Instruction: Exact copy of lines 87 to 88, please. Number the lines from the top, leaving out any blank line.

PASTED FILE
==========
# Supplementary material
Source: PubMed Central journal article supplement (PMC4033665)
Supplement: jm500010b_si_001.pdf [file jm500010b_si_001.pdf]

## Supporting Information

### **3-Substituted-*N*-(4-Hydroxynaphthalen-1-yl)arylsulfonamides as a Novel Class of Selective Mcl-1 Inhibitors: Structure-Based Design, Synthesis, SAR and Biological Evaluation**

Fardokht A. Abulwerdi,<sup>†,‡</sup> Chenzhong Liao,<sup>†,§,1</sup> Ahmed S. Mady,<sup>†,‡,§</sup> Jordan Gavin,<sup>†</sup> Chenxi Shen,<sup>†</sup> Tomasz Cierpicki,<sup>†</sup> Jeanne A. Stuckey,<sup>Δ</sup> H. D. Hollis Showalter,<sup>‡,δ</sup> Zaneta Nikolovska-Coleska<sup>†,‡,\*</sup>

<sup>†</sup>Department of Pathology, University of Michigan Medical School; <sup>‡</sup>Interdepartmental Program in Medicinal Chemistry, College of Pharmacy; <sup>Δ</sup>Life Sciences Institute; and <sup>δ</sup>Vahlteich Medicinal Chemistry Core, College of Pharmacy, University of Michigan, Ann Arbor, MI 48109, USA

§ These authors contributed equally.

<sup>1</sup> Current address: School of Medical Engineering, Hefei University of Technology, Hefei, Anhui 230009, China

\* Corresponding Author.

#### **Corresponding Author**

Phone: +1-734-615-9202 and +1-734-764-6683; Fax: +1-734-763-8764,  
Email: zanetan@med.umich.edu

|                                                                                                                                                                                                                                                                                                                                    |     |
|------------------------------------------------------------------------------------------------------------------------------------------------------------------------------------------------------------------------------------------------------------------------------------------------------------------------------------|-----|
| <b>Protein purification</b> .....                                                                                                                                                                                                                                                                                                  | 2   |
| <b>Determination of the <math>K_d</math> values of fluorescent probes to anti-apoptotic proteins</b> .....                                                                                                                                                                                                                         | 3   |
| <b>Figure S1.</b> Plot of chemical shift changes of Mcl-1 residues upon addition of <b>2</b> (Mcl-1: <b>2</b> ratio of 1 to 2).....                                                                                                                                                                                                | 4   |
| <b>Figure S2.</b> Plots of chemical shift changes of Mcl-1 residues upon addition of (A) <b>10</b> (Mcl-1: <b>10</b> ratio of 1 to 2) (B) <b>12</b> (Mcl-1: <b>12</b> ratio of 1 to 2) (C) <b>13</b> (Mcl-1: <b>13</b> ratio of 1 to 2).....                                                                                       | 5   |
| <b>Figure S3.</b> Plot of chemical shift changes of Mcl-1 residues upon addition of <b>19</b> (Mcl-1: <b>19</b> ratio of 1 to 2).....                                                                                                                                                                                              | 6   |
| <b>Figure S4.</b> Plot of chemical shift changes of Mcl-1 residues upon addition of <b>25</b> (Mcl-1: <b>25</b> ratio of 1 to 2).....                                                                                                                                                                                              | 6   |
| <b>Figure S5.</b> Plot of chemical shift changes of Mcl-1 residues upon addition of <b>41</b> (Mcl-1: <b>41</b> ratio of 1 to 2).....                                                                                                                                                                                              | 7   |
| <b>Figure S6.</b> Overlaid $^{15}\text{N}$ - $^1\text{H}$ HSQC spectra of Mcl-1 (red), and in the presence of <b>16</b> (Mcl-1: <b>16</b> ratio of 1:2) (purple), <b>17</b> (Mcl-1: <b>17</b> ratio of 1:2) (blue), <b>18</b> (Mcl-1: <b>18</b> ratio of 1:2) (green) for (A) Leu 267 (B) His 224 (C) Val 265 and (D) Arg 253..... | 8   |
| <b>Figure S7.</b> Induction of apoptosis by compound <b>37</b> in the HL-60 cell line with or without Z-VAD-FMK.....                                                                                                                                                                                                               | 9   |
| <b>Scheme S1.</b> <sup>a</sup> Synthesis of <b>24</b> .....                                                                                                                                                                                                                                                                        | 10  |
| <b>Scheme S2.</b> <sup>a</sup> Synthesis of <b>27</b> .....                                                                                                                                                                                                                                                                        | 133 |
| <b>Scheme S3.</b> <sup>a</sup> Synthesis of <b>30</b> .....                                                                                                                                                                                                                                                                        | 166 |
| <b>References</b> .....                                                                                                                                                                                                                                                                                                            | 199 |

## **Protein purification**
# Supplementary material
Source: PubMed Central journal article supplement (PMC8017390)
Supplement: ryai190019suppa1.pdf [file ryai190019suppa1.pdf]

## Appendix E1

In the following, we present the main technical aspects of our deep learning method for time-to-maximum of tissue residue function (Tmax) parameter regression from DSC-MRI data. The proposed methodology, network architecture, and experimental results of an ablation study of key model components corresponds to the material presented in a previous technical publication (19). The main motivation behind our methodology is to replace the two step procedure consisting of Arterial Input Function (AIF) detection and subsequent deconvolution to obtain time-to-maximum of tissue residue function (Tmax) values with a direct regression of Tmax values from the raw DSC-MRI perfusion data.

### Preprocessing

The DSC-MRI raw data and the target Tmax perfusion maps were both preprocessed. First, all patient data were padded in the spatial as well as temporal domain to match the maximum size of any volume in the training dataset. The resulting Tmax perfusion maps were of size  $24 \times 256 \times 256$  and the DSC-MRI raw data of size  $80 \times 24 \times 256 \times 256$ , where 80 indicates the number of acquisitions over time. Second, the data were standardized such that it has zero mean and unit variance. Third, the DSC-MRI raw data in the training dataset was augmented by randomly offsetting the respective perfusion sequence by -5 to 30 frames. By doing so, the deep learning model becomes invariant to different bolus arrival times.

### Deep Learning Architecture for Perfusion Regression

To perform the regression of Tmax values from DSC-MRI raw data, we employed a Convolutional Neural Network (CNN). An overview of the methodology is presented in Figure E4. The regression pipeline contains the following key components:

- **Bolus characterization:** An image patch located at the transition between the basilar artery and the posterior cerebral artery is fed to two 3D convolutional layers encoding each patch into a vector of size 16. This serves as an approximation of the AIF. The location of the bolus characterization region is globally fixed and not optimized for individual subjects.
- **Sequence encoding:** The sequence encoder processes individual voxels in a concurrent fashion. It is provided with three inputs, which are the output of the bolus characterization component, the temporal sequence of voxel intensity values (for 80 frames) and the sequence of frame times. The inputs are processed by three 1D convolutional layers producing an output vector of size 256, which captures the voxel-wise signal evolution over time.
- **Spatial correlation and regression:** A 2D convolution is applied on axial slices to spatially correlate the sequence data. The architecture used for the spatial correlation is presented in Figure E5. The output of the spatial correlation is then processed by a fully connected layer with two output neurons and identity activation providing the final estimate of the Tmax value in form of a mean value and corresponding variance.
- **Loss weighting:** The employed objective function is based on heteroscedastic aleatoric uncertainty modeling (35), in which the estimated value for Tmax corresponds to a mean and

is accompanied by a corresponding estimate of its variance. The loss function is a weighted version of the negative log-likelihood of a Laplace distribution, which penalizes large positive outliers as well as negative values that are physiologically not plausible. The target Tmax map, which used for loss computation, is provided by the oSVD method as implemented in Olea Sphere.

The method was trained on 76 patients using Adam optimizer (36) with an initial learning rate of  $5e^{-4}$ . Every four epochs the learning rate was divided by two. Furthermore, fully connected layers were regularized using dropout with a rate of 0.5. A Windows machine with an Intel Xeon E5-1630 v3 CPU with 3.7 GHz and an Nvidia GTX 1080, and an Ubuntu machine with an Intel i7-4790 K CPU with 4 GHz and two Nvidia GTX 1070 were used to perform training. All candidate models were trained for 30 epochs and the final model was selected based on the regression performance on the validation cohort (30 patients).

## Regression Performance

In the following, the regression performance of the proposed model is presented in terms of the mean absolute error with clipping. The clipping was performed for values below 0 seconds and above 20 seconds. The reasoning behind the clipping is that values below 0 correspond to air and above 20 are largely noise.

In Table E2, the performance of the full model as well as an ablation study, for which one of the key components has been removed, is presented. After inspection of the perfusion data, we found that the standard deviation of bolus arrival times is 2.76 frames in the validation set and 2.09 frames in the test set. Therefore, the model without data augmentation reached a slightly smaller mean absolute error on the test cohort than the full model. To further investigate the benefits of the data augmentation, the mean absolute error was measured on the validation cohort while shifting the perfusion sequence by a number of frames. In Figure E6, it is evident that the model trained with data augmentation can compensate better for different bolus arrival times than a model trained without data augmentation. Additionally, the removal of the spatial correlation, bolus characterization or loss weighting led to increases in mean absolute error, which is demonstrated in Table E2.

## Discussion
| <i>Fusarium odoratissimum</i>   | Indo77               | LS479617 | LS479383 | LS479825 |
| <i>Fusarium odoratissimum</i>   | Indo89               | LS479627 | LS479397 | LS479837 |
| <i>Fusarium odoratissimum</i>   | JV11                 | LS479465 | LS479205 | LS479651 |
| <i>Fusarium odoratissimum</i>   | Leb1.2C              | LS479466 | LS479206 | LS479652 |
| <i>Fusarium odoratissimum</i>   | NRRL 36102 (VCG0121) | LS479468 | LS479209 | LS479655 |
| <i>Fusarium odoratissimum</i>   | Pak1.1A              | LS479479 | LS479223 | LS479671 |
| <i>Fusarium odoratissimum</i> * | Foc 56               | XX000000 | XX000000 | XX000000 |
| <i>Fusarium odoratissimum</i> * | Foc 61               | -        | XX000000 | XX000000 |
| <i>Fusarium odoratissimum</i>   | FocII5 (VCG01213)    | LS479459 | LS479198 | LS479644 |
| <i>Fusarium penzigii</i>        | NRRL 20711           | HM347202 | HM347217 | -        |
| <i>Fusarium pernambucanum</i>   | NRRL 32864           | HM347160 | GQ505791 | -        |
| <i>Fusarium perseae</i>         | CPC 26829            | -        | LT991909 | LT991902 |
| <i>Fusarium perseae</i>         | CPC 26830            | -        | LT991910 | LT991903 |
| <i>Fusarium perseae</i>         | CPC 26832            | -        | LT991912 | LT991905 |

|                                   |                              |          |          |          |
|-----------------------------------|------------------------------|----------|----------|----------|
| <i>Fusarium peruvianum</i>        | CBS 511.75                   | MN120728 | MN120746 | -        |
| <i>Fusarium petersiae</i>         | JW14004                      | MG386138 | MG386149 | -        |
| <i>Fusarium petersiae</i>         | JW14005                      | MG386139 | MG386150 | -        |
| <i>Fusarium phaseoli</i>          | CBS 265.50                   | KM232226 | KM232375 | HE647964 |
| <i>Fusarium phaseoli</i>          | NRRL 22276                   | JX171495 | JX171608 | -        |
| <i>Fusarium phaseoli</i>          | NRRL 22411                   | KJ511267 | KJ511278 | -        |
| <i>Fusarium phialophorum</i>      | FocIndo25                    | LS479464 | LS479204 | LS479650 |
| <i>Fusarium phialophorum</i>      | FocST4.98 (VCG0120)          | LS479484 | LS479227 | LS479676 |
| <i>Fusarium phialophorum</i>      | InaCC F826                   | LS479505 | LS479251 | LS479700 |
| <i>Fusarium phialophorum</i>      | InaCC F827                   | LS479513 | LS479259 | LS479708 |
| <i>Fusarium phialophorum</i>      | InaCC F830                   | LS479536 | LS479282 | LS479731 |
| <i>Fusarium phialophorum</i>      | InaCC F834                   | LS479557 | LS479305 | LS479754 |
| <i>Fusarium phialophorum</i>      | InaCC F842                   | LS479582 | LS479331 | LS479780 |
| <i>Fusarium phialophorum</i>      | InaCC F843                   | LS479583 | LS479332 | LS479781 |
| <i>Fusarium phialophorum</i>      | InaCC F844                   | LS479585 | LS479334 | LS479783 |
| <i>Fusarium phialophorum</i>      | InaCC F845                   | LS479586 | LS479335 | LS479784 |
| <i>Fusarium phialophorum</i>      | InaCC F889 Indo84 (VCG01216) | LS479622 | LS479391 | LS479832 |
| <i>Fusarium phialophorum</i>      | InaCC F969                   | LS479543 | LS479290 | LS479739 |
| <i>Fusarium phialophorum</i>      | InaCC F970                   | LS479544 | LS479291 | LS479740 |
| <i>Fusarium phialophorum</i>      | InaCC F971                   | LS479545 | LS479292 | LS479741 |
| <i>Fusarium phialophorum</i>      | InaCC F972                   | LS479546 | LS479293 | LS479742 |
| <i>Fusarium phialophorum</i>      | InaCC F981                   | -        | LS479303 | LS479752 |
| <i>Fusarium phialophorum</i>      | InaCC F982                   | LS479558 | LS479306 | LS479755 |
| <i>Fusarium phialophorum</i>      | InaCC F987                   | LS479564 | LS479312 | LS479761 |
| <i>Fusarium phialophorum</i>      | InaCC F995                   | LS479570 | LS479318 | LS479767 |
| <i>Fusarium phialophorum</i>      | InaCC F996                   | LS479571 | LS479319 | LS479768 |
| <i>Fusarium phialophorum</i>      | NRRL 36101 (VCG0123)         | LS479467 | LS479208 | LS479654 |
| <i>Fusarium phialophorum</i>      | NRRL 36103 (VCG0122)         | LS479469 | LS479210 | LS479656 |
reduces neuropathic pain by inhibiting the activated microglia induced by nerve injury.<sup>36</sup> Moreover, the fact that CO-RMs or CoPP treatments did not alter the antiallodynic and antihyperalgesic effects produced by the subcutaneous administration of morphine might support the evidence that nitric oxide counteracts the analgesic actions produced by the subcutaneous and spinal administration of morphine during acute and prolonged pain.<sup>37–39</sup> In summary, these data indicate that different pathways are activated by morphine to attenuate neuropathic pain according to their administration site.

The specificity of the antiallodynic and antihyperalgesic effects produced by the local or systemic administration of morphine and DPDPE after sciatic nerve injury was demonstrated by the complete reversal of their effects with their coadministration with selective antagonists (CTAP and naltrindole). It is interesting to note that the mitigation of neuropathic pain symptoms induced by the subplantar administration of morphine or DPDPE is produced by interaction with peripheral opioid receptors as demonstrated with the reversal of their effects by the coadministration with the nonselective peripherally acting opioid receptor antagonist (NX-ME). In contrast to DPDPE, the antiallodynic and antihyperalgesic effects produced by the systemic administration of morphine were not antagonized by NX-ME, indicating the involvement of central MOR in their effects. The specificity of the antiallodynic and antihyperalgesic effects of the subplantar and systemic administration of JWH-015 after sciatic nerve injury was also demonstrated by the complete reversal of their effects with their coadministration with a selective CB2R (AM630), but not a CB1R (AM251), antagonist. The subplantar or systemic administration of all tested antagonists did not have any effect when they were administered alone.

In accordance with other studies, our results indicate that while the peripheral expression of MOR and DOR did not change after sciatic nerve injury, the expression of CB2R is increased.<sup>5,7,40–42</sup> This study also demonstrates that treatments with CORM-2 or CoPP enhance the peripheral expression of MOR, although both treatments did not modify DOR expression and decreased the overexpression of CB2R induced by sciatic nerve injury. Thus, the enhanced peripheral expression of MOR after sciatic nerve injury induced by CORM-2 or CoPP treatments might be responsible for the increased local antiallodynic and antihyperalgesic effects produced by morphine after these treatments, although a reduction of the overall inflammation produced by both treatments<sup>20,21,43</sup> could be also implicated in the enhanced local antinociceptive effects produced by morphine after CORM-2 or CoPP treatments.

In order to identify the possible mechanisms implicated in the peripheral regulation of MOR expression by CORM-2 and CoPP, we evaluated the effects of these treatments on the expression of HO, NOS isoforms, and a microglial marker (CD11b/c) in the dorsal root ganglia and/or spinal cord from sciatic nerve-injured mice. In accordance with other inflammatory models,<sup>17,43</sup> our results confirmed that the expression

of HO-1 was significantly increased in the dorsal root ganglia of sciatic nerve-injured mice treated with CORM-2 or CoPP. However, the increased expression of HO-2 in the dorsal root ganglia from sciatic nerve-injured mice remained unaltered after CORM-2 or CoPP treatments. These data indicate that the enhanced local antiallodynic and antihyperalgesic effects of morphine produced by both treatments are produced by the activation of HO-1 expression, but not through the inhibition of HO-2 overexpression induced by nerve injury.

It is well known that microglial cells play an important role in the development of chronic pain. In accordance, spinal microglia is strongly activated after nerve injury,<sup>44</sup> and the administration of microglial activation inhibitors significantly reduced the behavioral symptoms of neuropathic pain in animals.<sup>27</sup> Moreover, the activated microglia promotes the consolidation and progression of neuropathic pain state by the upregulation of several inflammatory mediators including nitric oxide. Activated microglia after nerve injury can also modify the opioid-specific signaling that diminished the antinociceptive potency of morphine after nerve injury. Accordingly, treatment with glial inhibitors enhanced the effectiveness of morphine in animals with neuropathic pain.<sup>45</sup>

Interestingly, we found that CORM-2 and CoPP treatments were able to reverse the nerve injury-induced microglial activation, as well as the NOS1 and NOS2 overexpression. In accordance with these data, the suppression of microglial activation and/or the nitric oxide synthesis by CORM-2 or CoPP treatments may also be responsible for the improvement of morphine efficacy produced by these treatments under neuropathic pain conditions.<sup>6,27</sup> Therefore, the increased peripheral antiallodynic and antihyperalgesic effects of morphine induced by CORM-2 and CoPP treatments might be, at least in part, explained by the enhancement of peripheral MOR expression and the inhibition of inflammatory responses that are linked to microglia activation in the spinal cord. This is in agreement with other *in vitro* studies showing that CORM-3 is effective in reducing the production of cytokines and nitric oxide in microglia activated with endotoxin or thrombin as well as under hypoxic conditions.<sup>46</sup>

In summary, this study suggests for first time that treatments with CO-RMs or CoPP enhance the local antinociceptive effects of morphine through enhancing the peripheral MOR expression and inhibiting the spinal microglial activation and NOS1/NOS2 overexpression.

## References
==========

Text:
| <i>Fusarium phialophorum</i>      | InaCC F982                   | LS479558 | LS479306 | LS479755 |
| <i>Fusarium phialophorum</i>      | InaCC F987                   | LS479564 | LS479312 | LS479761 |